28 July, 2021

The Assertion Of Hindi

The threat of Hindi imposition, the failed three-language formula, a perceived, deeper design and a likely solution

A resounding no Anti-Hindi protests in Madras, 1965
The Assertion Of Hindi

The Hindutva alternative to Indian civic nationalism has historically also been impatient with the notion of Indian multilingualism, which it sees as a babel undermining national unity rather than the proud showcase of diversity that civic nationalism celebrates. It has been a long-standing policy plank of the Hindutva movement that Hindi, the language of the northern and central Indian states, where the party has sunk its deepest roots, should be the ‘national language’ of India. BJP MPs have frequently risen in the national parliament to demand that their preference be made law.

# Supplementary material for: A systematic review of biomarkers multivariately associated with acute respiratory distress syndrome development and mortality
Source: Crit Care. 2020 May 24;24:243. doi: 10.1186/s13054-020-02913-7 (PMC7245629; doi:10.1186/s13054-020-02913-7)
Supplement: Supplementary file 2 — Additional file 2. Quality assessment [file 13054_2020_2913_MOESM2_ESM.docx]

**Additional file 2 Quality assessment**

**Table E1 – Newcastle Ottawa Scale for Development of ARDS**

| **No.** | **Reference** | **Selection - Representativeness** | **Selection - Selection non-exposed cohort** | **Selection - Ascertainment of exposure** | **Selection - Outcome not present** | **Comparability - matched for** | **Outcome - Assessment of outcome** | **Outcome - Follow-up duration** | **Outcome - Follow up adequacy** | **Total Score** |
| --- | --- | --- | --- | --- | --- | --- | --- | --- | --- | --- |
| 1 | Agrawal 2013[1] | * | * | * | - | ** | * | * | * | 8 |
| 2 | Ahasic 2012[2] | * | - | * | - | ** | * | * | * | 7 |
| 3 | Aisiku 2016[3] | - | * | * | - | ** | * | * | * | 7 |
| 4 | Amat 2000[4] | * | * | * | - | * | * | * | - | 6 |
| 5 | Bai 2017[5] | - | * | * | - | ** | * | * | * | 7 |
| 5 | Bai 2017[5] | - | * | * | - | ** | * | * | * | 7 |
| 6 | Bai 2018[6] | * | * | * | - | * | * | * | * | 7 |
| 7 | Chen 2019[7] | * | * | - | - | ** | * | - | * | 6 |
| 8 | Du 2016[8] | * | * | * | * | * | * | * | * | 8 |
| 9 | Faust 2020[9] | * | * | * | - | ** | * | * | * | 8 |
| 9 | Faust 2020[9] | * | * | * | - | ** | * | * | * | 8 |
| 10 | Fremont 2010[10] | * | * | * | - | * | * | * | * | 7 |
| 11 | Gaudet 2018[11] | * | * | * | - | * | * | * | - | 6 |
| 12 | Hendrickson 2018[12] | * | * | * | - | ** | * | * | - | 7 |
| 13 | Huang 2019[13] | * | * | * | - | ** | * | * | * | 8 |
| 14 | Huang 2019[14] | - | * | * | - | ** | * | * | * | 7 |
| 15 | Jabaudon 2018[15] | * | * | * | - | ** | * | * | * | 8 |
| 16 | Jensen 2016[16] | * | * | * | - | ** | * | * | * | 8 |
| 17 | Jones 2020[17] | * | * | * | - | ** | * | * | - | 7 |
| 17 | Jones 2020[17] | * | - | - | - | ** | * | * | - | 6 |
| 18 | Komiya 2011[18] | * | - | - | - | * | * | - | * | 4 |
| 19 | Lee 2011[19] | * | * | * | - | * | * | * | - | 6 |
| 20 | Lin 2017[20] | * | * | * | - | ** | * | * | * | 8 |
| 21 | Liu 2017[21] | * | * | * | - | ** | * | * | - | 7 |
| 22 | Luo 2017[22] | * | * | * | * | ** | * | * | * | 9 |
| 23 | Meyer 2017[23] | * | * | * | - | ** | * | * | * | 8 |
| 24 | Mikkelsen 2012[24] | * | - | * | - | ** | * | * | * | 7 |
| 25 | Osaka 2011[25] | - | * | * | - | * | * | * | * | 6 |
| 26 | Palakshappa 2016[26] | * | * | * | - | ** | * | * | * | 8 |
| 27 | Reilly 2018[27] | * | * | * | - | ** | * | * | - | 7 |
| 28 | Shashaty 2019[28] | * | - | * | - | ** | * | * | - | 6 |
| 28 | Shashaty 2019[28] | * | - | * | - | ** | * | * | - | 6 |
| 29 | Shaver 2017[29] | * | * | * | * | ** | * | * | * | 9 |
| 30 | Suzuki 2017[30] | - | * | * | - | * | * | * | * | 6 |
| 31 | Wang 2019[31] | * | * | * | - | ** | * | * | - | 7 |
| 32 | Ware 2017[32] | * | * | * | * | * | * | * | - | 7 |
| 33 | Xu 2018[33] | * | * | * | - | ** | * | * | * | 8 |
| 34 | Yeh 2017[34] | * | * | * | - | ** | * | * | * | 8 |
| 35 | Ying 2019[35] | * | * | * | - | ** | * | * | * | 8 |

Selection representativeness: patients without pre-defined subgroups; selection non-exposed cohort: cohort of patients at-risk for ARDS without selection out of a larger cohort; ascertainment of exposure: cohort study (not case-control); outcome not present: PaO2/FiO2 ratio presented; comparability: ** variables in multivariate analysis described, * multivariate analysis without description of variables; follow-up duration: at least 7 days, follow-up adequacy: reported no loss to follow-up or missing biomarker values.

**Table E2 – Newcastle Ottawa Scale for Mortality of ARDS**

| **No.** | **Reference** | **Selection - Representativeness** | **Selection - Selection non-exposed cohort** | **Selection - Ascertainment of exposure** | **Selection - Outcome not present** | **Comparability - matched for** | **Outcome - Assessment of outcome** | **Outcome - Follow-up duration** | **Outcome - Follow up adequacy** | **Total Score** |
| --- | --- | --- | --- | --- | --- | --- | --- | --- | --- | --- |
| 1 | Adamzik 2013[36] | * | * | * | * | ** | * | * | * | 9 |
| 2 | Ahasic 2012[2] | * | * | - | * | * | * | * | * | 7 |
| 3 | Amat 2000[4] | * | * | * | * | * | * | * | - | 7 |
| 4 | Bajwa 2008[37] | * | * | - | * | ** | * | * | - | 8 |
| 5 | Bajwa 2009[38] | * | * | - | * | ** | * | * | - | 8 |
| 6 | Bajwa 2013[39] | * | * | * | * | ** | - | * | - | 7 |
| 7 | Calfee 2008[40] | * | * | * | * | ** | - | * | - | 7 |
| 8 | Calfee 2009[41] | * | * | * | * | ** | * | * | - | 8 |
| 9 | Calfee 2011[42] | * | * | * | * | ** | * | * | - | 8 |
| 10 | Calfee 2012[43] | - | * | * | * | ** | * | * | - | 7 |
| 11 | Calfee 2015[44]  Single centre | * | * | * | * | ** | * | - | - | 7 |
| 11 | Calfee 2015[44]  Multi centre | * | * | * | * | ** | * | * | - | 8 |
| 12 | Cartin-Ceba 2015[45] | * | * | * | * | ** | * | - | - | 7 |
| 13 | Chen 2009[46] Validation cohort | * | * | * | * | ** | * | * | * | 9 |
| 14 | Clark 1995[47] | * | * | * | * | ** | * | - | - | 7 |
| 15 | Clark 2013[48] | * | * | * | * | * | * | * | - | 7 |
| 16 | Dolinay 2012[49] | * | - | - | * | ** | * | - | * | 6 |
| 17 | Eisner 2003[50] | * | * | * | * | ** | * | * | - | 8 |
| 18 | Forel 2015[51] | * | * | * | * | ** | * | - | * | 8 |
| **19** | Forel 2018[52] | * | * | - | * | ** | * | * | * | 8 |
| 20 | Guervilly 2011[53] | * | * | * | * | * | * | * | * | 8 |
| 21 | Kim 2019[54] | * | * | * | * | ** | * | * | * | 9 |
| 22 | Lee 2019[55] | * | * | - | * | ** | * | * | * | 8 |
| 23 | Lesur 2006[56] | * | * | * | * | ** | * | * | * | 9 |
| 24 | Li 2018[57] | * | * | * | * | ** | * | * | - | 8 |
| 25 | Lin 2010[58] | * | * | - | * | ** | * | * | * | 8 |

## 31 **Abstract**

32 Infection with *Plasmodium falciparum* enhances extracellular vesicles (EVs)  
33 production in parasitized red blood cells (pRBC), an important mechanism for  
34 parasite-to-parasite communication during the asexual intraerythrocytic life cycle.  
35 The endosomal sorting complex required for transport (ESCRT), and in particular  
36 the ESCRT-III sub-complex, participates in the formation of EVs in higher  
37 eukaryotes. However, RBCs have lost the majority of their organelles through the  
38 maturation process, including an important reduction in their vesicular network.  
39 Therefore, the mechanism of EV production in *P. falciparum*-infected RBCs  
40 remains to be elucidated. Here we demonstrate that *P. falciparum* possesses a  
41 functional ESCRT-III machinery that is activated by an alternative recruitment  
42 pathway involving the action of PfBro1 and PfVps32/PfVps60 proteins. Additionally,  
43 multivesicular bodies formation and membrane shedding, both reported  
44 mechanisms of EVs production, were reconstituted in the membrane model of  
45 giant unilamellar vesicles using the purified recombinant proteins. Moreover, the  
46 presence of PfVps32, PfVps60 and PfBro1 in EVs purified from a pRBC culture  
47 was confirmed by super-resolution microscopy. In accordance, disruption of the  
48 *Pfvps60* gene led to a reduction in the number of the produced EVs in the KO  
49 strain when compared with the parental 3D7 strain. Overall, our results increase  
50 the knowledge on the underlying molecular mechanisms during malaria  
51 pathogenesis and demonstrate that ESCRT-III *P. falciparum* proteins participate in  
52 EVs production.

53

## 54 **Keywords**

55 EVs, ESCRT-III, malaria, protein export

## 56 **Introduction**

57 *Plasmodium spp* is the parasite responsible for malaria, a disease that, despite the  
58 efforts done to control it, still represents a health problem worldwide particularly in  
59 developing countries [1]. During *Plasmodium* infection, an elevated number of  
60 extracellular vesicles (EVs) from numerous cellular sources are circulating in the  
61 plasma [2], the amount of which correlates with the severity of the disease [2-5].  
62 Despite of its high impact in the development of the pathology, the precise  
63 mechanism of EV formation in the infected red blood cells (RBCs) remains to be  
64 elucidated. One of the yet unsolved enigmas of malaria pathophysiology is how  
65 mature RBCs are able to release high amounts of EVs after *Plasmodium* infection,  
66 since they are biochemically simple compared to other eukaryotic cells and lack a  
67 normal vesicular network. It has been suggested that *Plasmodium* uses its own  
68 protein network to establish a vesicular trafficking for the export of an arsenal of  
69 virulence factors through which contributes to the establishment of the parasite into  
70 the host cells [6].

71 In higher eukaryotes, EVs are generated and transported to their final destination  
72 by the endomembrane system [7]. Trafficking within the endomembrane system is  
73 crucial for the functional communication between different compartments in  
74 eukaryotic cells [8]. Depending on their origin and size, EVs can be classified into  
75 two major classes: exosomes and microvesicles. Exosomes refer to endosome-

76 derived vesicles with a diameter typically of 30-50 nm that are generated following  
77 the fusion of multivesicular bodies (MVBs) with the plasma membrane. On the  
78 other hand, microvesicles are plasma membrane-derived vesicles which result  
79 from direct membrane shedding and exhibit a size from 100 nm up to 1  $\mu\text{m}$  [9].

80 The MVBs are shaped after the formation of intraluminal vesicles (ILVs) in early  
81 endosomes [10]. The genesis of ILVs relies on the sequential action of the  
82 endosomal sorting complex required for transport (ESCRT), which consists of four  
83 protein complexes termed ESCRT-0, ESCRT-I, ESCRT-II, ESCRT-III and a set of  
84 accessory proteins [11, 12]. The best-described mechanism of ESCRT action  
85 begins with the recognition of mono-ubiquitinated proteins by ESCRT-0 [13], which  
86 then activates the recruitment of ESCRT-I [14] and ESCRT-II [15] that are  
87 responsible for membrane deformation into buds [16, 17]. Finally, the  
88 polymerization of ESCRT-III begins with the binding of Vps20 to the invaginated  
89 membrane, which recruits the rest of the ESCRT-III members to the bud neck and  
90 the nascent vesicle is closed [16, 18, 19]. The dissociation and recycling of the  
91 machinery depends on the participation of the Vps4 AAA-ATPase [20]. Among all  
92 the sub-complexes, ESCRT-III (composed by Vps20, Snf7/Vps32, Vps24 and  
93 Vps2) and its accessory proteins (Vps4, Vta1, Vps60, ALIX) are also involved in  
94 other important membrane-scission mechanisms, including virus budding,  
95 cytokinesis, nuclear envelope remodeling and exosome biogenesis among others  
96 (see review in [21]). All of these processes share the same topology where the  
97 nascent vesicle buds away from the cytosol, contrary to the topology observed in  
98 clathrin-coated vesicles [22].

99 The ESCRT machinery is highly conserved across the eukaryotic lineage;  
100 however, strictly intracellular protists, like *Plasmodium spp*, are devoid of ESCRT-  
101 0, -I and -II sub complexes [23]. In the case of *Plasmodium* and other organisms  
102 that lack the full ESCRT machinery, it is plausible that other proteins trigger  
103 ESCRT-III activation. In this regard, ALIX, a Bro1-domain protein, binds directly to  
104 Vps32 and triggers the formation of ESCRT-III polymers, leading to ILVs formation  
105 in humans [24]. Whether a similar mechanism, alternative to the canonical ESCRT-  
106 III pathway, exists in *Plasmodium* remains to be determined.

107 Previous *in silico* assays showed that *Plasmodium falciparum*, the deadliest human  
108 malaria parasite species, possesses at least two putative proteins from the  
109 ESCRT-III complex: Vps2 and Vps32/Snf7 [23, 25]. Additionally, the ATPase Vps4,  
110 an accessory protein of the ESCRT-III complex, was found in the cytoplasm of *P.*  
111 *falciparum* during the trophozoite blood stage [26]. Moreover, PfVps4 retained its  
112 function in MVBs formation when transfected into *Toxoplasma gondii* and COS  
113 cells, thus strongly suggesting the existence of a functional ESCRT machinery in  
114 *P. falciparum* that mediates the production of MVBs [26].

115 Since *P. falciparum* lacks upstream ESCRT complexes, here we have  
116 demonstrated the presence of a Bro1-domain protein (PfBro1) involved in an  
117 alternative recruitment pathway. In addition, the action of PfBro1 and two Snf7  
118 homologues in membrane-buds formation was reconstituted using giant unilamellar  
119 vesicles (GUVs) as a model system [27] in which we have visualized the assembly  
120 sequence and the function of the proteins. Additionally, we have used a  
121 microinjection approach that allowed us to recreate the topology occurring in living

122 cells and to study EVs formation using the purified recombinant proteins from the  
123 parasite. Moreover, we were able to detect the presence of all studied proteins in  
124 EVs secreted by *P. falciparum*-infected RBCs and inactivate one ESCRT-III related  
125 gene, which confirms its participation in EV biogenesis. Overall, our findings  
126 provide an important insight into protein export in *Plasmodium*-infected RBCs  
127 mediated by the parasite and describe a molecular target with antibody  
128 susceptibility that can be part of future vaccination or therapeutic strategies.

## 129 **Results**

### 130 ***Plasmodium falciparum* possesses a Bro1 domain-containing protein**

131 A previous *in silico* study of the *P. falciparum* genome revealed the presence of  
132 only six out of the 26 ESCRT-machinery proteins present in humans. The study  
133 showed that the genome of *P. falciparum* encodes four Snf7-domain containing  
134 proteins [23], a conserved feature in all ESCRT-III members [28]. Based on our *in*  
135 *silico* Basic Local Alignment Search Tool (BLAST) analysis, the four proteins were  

India has no ‘national language’; it has two official languages, English and Hindi, with co-equal status in the central government, the courts, and other national institutions. Attempts to promote Hindi nationwide led to stiff resistance from non-Hindi-speaking states in the early 1960s, with language riots claiming lives in the southern state of Tamil Nadu. The compromise achieved at the time—a ‘three-language formula’, which required each Indian to...

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